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defacto7

Profile Information

Name: Defacto7
Gender: Do not display
Hometown: Portland, OR
Home country: not sure anymore
Current location: depends on which proxy I'm using
Member since: Wed Aug 1, 2012, 01:44 AM
Number of posts: 11,881

About Me

Humanist, Classical musician, Linux hack, Liberal, Cosmology enthusiast, Refuse resurrectionist, Living with you in purgatory

Journal Archives

Good morning blues

I get up very early, around 5:30 more or less, and step out on my porch to see how the sky had progressed since the previous morning. Sirius blazes just off the lower eastern corner of Orion before dawn right now. I got in my car and drove over to Village Inn like I usually do on Sunday. I like this ritual breakfast where there are very few people and no elevator music crunching noise into an otherwise simple atmosphere. What few people are there graciously allow me to evesdrop on their waking conversations. Sitting in a booth by an eastern window, dripping a little Tabasco on my eggs, I see the sky transform from night darkness through a spectrum of blues contrasted behind the bright orange of the restaurant sign until the sun breaks over the mountains.

If I were in Manhattan I would follow a similar routine walking to the neighborhood Greek diner feeling the movement and rumble of delivery trucks, the squeaking brakes, the rush of air from the downtown #4 rising through the sidewalk grating. The conversations are loud and fast offering a bonus of personal information to the inquisitive. Red Tabasco drips onto yellow egg yolks as I'd watch the sky transform from night darkness through a spectrum of blues contrasted behind 220 57th Ave until the sun breaks over the city skyline.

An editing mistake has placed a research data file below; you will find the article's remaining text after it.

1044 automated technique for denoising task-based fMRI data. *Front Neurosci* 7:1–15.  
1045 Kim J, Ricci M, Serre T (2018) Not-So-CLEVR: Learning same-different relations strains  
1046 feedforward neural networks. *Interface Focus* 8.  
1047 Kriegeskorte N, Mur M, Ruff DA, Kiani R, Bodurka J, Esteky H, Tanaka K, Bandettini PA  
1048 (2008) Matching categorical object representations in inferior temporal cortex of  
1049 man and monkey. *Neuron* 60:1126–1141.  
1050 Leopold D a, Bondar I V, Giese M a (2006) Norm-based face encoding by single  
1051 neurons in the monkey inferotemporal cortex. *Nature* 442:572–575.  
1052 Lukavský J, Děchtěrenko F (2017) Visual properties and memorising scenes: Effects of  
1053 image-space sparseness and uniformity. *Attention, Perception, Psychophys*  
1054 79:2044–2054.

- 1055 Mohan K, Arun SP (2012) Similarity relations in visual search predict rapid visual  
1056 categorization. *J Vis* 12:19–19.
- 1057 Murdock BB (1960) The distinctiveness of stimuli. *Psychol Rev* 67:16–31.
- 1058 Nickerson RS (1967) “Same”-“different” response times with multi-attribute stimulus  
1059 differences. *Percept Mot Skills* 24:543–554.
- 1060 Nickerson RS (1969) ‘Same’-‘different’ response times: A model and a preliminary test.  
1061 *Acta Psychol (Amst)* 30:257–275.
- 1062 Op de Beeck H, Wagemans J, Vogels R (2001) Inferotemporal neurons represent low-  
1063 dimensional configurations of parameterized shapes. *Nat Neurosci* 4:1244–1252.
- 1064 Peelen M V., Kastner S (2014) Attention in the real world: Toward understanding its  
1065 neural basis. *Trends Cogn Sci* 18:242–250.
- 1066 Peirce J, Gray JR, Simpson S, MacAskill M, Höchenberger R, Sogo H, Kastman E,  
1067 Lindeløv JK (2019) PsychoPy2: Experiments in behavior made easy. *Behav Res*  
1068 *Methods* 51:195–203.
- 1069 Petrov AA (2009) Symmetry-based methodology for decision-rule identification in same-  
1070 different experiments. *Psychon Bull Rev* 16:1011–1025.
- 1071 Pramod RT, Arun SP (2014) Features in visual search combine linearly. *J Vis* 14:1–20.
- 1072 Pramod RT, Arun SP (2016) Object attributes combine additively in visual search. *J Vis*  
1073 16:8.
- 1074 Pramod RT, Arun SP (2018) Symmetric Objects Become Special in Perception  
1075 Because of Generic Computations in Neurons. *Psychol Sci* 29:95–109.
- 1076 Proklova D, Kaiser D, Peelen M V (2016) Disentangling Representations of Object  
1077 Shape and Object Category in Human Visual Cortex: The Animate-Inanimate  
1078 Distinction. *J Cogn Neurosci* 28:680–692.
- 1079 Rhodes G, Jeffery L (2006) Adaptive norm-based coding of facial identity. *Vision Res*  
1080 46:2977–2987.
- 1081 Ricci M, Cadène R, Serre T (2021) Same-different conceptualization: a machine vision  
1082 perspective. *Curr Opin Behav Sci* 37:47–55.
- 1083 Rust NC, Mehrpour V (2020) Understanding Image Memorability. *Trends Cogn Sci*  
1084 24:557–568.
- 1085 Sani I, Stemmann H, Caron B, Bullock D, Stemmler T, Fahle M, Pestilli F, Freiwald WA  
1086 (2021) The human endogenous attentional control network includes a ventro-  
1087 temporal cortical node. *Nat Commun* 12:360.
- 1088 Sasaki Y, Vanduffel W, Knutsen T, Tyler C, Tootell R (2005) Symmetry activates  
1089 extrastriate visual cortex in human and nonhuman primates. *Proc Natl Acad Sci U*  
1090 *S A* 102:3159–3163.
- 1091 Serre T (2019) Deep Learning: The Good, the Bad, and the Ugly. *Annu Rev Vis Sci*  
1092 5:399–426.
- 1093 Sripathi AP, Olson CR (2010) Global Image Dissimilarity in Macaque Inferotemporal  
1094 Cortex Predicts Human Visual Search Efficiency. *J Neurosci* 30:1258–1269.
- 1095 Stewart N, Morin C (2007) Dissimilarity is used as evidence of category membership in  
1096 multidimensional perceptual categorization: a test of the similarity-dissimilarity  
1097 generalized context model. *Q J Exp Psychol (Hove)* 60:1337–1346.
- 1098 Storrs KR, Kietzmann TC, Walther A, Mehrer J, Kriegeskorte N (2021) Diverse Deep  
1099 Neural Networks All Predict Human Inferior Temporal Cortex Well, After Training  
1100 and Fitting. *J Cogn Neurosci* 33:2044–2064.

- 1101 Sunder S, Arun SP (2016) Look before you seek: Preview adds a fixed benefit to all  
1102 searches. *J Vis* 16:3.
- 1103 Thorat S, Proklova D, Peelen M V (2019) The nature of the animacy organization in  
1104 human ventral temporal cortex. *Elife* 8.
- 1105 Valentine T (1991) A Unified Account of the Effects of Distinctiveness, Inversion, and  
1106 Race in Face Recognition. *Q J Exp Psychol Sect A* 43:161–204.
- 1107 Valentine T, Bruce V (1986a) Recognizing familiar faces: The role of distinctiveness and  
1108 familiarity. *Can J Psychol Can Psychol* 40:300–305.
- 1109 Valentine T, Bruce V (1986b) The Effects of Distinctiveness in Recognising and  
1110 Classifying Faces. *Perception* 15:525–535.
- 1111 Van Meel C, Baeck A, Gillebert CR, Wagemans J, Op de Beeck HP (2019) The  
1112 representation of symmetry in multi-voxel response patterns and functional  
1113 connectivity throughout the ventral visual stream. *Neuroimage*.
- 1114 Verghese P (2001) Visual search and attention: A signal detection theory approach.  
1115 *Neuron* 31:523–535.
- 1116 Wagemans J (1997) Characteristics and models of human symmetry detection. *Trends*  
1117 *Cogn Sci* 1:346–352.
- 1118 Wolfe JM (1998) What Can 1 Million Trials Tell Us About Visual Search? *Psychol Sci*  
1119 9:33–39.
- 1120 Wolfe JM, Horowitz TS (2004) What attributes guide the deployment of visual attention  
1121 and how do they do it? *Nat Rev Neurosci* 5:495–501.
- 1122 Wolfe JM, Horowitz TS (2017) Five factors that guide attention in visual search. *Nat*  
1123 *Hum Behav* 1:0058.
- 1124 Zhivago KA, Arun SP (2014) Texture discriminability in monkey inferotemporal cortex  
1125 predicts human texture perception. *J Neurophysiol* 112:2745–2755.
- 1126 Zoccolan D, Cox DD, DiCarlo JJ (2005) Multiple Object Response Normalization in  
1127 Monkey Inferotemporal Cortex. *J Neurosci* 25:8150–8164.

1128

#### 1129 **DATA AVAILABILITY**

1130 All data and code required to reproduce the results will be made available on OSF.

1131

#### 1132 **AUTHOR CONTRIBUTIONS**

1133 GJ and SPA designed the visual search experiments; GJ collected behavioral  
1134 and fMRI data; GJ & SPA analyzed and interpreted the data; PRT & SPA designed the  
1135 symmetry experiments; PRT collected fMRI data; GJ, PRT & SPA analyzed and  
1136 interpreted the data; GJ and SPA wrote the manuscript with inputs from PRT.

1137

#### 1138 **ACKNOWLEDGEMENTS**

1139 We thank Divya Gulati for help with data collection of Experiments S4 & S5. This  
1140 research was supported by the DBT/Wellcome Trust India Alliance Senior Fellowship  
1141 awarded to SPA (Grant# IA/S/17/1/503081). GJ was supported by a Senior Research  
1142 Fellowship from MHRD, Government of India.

We live in a varried and beautiful world that is so much greater than the poisonous political actors we are surrounded with day in and day out. Those who shall remain nameless do not own us or the sky or the blue behind the backdrop of our morning interactions and sounds. I feel a sense of peace knowing that I have moments that are free of the ugly mirage and instead are filled with real life, beauty and the simplicity of just being.

Here's wishing all you DUers your own moments of freedom each and every day.

D7

I want to make informed decisions. Who's going to do the informing?

After reading an op that undermines my candidate my first reaction is a strong one. I'm disappointed and my knee-jerk reaction is to sink the ship. On the other hand there are some good rebuttals. But the good lesson for me is to think through the manipulations in the last elections.

The bots and deceivers were powerful in the time leading to those elections, this we all know; a lot of people were duped. It would be irresponsible on my part to dump any candidate on this or even a few negative tweets or bites just as much as it would be irresponsible for me to disregard them because their messages don't meet my standards for a candidate.

If you think the descievers were rampant and somewhat successful last time around I have no doubt the perpetrators have worked hard to improve since then.

I'm holding all info and judgements until I see and hear the real thing in action at the debates and in person. I'm not letting any tweets or hearsay dictate my position but I will compare notes and make my conclusions based on experience, not strictly on what I'm fed by the media or anonymous promotion.

That's how I see it.

D7

On Lying